Intrigued I am, having just caught No Country For Old Men, directed by the Coen brothers. I never knew it was so well received until now, getting home and checking the web. Although I have read a coupla thumbs down that appear to be impulsive, the majority of critics rate this movie.

Some (a supreme minority) berate the film for it being violent without reason or simply too nihilistic and depressing. I found it rather existentialist really. For me, it was more about finding your way through life and accepting it for what it is, brutal and cold.

Josh Brolin plays a cowboy, Llewellyn Moss, who stumbles onto 2 million dollars in a suitcase. He then gets chased relentlessly by Javier Bardem’s Anton Chigurh, the indefatigable villain of the piece. Tommy Lee Jones plays a wizened retiring sheriff who follows onto the trail.

I have to admit. At times, I found the film naggy and even boring. The slow bits weren’t excruciatingly so for me, but they were slow enough. The intension was to provoke thought and intensify the mood and suspense, but for my tastes, I coulda skipped a few of the sermons on the continued degradation of societal mores in contemporary Western culture. That’s probably my 3 minute pop song loving alter ego speaking though.

I’m not really familiar with the Coen brothers oeurve, and that is to my detriment, but I attribute it to a prejudice and lack of knowledge about things American. To think I actually did a short course in American history once in school.  Yet, my shortcomings in this department do not mean I am unaware of the various issues the film appears to be discussing. I suppose the fact I don’t know too much about the Coens is also a good thing, since my thumbs up for this film isn’t down to fanboy voyeurism alone.

Then perhaps, it must be my sadistic inner self that enjoys the violence in the film. It is at once graphic and ludicrous, given Chigurh’s weapon of choice, a cattle gun. Powered by compressed air, he basically carries around a rather innocuous and cumbersome looking execution device. None of the killing is gratuitous though. It is exact and calculated, designed and minimalist. Chigurh is unrelenting in his rampage but he only kills to avoid implication and trouble. I admit I found myself laughing when Chigurh killed because I simply couldn’t believe anyone would be so emotionless when murdering someone, so careful. Still, I was at the same time revulsed by the violence which I’d suppose is part of what the film is driving at. This depiction of violence is fine by my book. Yes, it is gory, stylish even, but with every single killing, I get a greater sense of the film’s ideas.

Everyone who dies in the film dies because of fate. They’re simply in the wrong place at the wrong time. Or they’ve made a bad decision, even one made in good faith. This relates back to why I find the film un-nihilistic in every way. If it were, there’d just be senseless killing or a whole lot of nothing. No Country isn’t quite that empty. In the film, people die because Chigurh needs them to in order to preserve his own life. He is surviving as much as he is killing.

As inhuman as Chigurh might be at times, we are reminded of his mortality throughout the film. His tall frame, dark clothes and mop of a hairdo certainly serve to bewilder and aggrieve the viewer, delivering a sense of an unstoppable evil. Still, I thought he was quite stoppable and not quite evil. Or is that the optimist speaking? His fallibility is evident and he was as much a speck on the landscape as Moss or any other character, albeit one which does not care to kill someone.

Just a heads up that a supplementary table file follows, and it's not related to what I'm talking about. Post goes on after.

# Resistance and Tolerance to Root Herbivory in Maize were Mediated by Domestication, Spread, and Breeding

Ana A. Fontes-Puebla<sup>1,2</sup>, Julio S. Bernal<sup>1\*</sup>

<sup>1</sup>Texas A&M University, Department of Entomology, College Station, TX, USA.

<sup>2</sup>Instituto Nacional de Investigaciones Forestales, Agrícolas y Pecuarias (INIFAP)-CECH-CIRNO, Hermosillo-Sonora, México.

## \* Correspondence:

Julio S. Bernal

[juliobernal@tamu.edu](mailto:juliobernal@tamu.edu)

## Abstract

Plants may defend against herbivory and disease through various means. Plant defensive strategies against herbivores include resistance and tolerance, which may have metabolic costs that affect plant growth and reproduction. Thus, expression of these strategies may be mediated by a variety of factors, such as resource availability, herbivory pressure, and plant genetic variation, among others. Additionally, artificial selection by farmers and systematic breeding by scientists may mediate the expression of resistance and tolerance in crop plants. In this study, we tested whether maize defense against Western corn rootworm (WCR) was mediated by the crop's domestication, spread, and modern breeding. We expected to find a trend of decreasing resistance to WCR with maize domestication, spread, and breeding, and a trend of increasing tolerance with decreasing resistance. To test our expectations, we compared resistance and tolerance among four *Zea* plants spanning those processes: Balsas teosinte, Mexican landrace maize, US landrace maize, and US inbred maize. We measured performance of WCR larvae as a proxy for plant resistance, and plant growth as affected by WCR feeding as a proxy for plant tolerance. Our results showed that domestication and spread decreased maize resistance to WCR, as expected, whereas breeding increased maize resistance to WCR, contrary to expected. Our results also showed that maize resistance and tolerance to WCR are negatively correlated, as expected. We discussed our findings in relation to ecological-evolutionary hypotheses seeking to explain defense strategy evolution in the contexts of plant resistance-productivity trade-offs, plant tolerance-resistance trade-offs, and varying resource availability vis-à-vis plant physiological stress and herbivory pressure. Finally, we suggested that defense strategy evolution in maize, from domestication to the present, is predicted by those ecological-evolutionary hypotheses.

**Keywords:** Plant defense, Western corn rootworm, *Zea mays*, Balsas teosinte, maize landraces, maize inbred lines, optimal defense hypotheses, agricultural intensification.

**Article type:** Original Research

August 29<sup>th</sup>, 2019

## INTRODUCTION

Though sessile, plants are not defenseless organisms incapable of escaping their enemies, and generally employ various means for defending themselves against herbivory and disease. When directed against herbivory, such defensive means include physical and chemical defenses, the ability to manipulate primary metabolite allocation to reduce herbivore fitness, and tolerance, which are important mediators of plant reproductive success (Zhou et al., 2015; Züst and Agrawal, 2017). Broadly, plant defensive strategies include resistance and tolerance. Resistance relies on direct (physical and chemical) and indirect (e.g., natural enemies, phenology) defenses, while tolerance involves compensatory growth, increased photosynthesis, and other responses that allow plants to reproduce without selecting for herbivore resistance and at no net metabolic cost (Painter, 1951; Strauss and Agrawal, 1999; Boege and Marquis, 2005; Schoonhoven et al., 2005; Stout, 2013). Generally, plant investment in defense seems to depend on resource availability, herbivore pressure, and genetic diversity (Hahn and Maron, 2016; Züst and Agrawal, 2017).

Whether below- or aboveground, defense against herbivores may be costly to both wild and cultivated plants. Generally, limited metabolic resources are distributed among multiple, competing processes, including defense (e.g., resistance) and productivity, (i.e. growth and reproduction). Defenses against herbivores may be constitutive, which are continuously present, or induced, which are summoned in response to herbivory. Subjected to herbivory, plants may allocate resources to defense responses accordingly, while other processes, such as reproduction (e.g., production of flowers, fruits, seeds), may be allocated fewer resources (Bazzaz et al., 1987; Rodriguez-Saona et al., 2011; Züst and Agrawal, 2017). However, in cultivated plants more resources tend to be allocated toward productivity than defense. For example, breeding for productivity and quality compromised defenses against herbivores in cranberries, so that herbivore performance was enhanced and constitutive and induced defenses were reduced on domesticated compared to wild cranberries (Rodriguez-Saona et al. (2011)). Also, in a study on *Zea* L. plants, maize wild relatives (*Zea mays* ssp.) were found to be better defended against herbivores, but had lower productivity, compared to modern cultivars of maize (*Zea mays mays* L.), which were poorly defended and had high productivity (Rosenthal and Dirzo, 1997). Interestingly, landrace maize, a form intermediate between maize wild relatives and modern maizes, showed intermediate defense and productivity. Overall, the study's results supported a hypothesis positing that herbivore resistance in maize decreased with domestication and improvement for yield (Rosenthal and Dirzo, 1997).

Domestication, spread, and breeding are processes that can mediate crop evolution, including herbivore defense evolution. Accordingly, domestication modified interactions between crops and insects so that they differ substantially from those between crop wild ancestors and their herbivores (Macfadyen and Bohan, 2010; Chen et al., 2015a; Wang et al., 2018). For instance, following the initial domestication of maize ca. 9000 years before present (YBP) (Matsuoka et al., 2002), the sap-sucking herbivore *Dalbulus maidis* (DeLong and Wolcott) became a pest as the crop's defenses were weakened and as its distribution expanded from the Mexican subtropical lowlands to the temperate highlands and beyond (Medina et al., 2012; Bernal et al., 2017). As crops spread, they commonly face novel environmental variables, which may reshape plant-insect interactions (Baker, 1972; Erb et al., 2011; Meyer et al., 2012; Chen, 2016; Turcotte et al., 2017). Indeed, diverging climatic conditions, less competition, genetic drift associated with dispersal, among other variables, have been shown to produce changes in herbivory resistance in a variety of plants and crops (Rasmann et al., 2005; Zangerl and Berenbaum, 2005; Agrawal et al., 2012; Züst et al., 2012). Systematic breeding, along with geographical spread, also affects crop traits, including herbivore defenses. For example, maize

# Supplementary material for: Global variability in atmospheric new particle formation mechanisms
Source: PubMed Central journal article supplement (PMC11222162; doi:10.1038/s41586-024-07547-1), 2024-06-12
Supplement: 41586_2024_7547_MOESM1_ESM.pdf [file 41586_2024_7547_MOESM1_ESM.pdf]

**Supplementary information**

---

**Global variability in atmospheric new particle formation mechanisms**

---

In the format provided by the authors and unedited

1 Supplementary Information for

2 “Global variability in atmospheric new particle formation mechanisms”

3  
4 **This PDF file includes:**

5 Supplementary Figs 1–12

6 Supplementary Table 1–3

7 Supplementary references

Moss, the main character is the optimist. Faced with Chigurh, he keeps going even if it seems impossible. He tries his best, in the hope that he can give himself and his wife a better life. I found my sympathies going out to the man all too often and I’m sure everyone would easily identify with him. He is, in fact quite similar to Chigurh. Both do their darndest, their most natural, survival instinct based actions to get ahead. This part of the film, which details the thought out preparations for every encounter and situation are a sight to behold. It is man kicking and pushing with all his desire to stay alive.

The story though, is bound largely by Jones’ sheriff. He’s sort of on the edge. Involved in the action, yet removed from it as well. At one point, he consciously opts to get in but then again, realizes its already gone past him. He is the character the title references, although the “Old Men” refer to times gone by just as much. He is the law but he feels too old, too overwhelmed by the inexplicable violence that has de-sensitized him. This is the character that provokes the morality issues, the question of life getting cheaper. I got too much of it in the slow moments, where the film halts to allow Jones his speeches and symbolism. By the end, his Texan accent was as much confusing as it was offputting to me that I couldn’t remember exactly what he said. I got enough of it about halfway through though. I am rather impatient after all.

Overall, I have to say I enjoyed the film. It made me feel. It made me think. Its dark humor is certainly along my lines. The cinematography is also incredibly superb and the sounds haunting. They perfectly complement the strong acting and script. Its probably the best film I should’ve seen in 2007.

Is there a country for young men then?